When I was in high school, history was my least favorite subject. However, as I've grown older, history has become more and more fascintating. Palmer is home to some very interesting rail history, but there is much more to Palmer than the rail lines, and hopefully, this multi-cache will make for an enjoyable and interesting trip back in time.
This multi-cache will take you to multiple locations in Palmer, including all four of the villages that make up Palmer today. If done in order, the trip will take you on a 15 mile tour of Palmer (where you will collect some necessary data), and the physical cache will take an approximately 10 minute walk to locate.
Driving directions will be in bold, and nearby cache info in italics.
Before we get started, to whet your geocaching whistle, read this little tidbit on Palmer:
Was Palmer the site of the very first multi-cache?
Palmer is home to it's share of legends, but one of the most intriguing is that of the Captain Kidd letter found on the property of Samuel Shaw in 1849. Legend has it that two young Shaw men were out hunting rabbits when their dog chased one under a stone ledge. They reached in and found a glass vial tightly sealed with sheet lead and wound in wire. Brought to the house, the bottle had to be broken to be opened, and inside was a roll of paper dated 1700-1, the old method of dating 1701.
The paper was a letter from Robert Kidd and addressed to John Bailey Esq. of New York. The letter stated that Kidd had been captured as a pirate, and was to be sent back to England for trial. Further, Kidd instructed Bailey to go to Conant’s Island in Boston Harbor to find 2 chests "containing from fifteen to twenty thousand pounds sterling, in money, jewels and diamonds." The letter goes on to give specific information on where the chests are located and cautions Bailey to say nothing about the letter, to "keep dark to any but my friends." The courier was instructed to hide the vial if he met with trouble or was taken by Indians, and return for it if he was able to escape.
The discovery of this letter 148 years later caused a major stir in town. The great debate was over whether the letter was genuine and if there really was a treasure buried in Boston Harbor. Samuel Shaw later that year went to Conant’s Island, by then renamed Governor’s Island. By the time Shaw arrived its name was not the only thing that had changed. The shores of the island had eroded and the coastline altered. The area where the chests were to have been buried had been long ago swept away by the tide. Consequently the mystery has never been solved - today the place "where X marks the spot" is covered by Logan Airport. The note today is in the collection of the Connecticut Valley Historical Museum in Springfield.
Think you might get lucky and find some more clues where the vial was located? Take a trip to Pataquattic Hill where Rezz has placed a cache nearby where the Shaws located the first stage of this infamous multi-cache.
The History Tour
Now, onto the new cache. Relax in your car, grab a navigator, and let us be your tour guide as we take a trip back in time in Palmer. . . we’ll dole out the history as well as noting nearby caches of interest.
We’ll start the tour at the entrance to the Mass Pike on Route 32. From here, head north on Route 32 towards Ware.
Palmer's first settler was John King, who arrived in 1716. Initially, on account of the numerous bends in the Chicopee, Ware & Quaboag rivers, the plantation was called the "Elbows", "Elbow Plantation" or "Elbow Tract" (see MCTC - Elbow Tract by Aslanspawh). The first legal town meeting took place on August 7, 1733, where a committee was appointed to layout roads in town. In 1748, in honor of the first settler, the plantation was called Kingstown and sometimes Kingsfield. It also bore the name New Marlborough for some time.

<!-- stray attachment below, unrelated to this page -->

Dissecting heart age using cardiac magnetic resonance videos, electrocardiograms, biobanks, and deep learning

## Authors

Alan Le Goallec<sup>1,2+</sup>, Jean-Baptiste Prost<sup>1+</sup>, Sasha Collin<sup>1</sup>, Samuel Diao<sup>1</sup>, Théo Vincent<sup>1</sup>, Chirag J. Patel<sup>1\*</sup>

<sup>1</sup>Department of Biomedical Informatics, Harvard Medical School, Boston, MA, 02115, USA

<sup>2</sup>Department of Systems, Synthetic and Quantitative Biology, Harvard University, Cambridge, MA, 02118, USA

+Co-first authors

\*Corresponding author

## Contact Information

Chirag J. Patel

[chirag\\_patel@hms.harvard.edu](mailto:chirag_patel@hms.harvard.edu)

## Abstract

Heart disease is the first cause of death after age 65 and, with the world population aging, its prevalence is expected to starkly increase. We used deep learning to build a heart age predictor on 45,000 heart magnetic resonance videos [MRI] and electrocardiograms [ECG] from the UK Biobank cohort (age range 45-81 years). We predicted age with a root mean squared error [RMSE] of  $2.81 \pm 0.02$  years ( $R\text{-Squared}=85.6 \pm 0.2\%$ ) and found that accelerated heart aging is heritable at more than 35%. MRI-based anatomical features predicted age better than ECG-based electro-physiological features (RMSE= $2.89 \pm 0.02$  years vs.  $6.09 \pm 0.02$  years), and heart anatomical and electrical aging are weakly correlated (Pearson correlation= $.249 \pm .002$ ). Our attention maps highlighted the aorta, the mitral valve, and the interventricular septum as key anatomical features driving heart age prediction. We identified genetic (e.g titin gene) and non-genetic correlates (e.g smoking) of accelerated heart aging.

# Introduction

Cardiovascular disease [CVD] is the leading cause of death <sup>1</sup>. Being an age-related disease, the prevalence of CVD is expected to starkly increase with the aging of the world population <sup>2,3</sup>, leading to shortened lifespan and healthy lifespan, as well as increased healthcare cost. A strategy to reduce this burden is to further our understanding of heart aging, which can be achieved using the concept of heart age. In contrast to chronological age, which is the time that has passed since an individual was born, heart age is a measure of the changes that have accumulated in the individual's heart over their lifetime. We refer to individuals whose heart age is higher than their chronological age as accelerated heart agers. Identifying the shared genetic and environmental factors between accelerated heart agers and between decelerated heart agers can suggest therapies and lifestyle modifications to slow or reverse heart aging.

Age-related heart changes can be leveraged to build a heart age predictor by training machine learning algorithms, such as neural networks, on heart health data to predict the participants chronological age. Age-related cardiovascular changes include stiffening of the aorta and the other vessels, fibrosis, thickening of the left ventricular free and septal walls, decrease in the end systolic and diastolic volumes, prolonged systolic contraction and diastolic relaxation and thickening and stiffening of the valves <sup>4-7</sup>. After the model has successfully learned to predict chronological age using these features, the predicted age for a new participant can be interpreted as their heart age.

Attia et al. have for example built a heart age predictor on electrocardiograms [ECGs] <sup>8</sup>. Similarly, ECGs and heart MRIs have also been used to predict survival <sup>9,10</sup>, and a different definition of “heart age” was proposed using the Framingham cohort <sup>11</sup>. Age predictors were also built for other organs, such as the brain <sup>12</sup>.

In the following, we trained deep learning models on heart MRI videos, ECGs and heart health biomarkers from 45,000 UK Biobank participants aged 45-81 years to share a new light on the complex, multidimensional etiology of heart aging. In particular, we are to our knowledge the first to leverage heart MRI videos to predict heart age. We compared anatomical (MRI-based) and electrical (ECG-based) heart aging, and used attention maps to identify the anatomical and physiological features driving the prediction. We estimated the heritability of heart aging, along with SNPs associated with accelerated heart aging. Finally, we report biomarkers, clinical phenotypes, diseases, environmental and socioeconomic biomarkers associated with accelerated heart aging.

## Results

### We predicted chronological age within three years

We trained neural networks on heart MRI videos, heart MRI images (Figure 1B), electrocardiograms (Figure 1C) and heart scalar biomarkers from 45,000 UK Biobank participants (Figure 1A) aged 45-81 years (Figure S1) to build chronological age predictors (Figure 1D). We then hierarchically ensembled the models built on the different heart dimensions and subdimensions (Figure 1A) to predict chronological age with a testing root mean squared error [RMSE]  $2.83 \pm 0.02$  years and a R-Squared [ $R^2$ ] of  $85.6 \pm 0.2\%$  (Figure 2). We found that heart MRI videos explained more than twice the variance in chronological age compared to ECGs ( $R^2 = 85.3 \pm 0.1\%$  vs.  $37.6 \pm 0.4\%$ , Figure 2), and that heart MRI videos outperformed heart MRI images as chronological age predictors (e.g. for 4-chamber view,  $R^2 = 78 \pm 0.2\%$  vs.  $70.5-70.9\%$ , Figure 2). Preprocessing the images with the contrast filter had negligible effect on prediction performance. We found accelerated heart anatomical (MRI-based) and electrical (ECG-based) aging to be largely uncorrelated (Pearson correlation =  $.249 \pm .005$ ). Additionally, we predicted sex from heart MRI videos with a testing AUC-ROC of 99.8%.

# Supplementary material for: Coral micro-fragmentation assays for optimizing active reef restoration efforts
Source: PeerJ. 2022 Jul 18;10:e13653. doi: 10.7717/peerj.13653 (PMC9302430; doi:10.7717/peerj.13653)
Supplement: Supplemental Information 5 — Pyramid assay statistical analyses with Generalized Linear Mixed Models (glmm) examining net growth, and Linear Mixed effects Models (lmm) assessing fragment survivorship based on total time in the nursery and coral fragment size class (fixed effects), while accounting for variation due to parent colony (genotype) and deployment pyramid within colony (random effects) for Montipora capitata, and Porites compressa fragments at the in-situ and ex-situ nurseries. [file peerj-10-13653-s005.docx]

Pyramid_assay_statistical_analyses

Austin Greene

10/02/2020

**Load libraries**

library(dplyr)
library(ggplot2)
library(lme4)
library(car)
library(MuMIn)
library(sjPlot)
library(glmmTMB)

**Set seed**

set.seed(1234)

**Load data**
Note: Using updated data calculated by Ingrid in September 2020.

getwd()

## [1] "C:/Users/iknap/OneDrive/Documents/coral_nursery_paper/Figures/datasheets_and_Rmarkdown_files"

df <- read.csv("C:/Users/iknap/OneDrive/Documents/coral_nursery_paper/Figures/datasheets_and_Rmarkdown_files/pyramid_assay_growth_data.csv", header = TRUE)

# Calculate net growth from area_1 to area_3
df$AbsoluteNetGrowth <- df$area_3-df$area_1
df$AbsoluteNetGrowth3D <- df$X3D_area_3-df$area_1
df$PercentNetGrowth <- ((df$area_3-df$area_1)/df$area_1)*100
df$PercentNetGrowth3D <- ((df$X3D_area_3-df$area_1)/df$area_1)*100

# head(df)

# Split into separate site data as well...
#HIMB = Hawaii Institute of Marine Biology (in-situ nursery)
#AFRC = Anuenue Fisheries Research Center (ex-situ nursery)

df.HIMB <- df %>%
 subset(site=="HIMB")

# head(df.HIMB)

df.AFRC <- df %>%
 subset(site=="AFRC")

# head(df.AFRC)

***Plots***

In 1752, the plantation petitioned the governor to become officially known as Kingston, however, there was already a Kingston in southeastern Massachusetts. Instead, the town was named Palmer in memory of the deceased cousin (Thomas Palmer) of the then English governor of the Massachusetts Bay Colony.
Waypoint 1 – Old Palmer Center
From the 1730's through the early 1800’s all religious, social, business and government activity was centered in Palmer Center (the intersection of Flynt Street and Route 32). As you approach Flynt street, ahead of you, you can still see the cut where the old road went through Palmer Center and right past the Palmer Center Cemetery, and onward towards Warren. Today, the cemetery is almost a distant, hidden memory. (You'll be parking on this 'road' in a few moments)
The tavern, the meetinghouse, burying ground and country store were all located around the village green. The Center was a busy place especially when the stage to and from Boston made its stop. The first turnpike road (chartered in 1796) built in Massachusetts ran through Palmer Center; it served as the leading thoroughfare for long travel between Boston, Worcester, Springfield, Hartford, New Haven and New York. However with the building of The Thorndike Company Mill in 1837 and the Western Railroad along the southern border of the town in 1839, the center of activity shifted to the new villages leaving Palmer Center to slowly fade in importance.
Head to Palmer Center Cemetery (park at N42 10.959 W072 18.700). The cemetery, which is said to be haunted, is home to some very old gravestones, and as you look around, you'll notice names of many influential Palmer residents. (This cemetery is a stop on the way to completing the Obelisk Puzzle Cache)
Letter A: David Shearer died in 1838, what year was he born? 17_0
Waypoint 2 – Thorndike Mill
Return to Palmer Center and head northwest into Thorndike via High Street (and then Church).
Thorndike Village, located in the valley at the falls on the Ware River, was originally settled by the Ferrells, McElwains and Quintons as early as 1732 (familiar names if you perused the Palmer Center cemetery grounds). From 1736 on, there has always been a mill on the river; first a gristmill, then a sawmill and in 1837 the Thorndike Company Textile Mill. Before Israel Thorndike, John S. Wright and Luther Parks began construction of the Number 1 mill, there were few houses in this valley. However the mill brought prosperity to the hamlet along with jobs for 600 workers.